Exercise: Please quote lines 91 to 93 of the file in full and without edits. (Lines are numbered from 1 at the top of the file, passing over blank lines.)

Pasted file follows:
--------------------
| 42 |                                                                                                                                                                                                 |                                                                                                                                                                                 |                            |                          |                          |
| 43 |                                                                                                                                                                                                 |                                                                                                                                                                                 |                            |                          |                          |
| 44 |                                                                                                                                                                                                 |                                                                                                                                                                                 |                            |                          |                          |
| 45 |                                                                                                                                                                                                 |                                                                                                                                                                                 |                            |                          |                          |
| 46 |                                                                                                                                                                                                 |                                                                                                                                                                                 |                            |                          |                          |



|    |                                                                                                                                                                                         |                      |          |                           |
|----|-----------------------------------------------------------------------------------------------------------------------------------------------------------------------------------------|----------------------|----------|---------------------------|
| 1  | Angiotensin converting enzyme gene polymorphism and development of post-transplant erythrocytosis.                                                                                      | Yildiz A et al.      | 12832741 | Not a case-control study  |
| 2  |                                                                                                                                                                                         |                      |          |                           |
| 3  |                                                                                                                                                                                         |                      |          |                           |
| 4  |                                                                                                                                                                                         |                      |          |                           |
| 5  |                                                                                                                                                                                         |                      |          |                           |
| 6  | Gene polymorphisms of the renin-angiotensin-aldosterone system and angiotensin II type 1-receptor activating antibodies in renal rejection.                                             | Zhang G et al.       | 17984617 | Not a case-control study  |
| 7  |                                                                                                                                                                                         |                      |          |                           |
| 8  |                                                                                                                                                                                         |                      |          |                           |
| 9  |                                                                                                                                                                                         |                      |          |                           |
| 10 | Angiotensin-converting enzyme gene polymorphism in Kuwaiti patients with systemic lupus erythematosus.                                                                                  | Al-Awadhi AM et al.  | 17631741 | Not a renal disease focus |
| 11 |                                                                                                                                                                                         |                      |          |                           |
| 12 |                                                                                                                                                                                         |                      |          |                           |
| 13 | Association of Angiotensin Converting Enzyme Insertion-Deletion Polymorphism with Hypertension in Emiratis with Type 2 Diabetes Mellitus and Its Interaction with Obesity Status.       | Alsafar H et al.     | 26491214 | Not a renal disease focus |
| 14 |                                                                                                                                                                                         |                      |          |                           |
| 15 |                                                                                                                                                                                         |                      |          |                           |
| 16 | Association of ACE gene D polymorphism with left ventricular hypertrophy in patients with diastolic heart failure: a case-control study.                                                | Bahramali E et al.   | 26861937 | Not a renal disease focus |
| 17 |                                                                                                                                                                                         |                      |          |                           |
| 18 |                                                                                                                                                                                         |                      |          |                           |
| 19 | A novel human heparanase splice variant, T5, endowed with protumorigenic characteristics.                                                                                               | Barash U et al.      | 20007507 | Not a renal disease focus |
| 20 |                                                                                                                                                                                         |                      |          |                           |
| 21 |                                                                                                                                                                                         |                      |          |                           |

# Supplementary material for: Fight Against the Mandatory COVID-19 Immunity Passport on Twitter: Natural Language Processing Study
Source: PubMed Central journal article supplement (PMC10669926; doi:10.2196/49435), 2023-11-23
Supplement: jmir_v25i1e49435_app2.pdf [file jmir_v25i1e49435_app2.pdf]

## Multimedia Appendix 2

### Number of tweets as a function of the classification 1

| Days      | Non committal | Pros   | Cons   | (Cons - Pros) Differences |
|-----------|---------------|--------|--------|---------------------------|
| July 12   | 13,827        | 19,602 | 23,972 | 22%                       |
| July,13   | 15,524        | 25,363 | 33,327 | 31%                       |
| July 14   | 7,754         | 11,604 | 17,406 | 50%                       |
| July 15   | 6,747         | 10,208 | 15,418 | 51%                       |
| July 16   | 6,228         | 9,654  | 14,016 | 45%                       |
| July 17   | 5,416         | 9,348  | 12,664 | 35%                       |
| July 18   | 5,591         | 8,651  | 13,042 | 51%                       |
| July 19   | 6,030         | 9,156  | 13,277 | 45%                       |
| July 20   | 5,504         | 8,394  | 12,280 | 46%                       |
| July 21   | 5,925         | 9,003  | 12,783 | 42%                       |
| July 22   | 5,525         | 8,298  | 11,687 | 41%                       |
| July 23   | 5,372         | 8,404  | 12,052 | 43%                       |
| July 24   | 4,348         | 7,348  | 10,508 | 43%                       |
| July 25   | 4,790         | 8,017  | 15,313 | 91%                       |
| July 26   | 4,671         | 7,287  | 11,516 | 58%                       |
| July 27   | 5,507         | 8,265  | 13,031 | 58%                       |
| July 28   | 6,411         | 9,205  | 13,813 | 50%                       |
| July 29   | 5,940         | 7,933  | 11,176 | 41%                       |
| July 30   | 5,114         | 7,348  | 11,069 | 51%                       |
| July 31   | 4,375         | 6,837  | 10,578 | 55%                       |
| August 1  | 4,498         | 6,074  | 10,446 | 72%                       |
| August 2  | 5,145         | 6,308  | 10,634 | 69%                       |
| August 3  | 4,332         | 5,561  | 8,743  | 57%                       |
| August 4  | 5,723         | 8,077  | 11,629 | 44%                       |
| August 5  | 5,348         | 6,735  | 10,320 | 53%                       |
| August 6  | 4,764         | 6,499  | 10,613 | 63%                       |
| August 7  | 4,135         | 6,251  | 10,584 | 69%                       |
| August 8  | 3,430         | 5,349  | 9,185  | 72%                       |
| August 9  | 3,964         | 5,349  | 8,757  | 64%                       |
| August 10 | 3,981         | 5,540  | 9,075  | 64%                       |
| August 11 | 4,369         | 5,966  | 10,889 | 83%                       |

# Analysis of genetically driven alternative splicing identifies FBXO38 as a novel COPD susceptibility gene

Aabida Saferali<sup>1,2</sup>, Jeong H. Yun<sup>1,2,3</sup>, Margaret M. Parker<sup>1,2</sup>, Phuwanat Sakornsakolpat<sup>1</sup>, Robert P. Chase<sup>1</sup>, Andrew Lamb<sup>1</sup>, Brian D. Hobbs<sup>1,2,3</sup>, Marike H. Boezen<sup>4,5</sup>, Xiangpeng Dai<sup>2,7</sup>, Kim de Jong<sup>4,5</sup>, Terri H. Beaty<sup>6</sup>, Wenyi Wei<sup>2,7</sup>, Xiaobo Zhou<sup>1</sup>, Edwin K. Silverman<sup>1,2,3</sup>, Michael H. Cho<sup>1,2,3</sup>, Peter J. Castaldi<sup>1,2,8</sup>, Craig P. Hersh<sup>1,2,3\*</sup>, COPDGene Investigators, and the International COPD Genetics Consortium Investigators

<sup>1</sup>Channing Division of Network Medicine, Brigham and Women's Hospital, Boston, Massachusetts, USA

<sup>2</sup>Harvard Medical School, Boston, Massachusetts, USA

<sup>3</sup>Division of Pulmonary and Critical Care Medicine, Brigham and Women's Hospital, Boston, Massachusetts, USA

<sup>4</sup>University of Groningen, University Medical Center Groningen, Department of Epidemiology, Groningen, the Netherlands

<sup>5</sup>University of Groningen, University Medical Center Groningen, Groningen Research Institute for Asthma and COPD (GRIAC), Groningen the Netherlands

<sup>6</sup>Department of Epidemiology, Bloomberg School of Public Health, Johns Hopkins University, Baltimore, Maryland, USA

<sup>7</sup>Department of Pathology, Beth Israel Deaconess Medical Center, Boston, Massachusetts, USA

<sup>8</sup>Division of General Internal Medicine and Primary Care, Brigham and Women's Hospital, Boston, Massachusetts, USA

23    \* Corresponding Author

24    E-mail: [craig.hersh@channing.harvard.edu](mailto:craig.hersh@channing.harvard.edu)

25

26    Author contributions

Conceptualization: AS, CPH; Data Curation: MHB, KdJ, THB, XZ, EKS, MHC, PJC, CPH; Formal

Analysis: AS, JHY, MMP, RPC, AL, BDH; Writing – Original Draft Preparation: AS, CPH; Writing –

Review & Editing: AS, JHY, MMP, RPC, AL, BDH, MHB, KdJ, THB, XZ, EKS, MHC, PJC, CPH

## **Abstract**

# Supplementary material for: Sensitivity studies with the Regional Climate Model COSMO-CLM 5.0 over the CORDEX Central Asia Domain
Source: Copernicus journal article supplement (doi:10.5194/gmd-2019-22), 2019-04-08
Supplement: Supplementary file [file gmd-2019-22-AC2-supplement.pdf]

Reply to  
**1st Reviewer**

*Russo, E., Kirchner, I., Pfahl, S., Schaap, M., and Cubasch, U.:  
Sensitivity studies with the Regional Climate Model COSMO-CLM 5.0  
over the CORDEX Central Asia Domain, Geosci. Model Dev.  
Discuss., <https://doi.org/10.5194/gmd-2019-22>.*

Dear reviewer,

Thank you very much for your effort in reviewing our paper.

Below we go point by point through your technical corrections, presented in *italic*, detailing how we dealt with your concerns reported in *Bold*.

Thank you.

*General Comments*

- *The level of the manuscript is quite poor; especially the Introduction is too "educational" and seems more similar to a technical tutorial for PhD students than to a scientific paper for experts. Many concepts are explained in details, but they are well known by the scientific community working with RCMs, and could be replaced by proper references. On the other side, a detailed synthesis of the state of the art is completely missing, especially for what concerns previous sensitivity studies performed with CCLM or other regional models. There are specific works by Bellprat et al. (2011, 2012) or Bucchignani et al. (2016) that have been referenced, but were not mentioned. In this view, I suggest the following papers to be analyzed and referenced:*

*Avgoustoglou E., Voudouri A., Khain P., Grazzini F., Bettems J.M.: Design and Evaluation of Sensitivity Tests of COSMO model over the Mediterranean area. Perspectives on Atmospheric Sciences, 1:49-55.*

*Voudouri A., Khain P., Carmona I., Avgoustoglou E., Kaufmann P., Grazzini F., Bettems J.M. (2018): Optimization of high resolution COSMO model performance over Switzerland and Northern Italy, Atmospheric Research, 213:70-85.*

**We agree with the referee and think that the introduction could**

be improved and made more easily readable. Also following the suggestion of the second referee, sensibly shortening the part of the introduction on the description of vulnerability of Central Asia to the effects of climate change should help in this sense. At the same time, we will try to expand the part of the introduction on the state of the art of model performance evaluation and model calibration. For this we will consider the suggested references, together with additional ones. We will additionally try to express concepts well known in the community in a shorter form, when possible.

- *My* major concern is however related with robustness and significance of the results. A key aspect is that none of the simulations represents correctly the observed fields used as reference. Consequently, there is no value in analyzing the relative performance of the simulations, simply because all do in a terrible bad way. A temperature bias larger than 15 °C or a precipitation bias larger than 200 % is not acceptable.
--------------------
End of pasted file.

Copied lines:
Sensitivity studies with the Regional Climate Model COSMO-CLM 5.0  
over the CORDEX Central Asia Domain, Geosci. Model Dev.  
Discuss., <https://doi.org/10.5194/gmd-2019-22>.*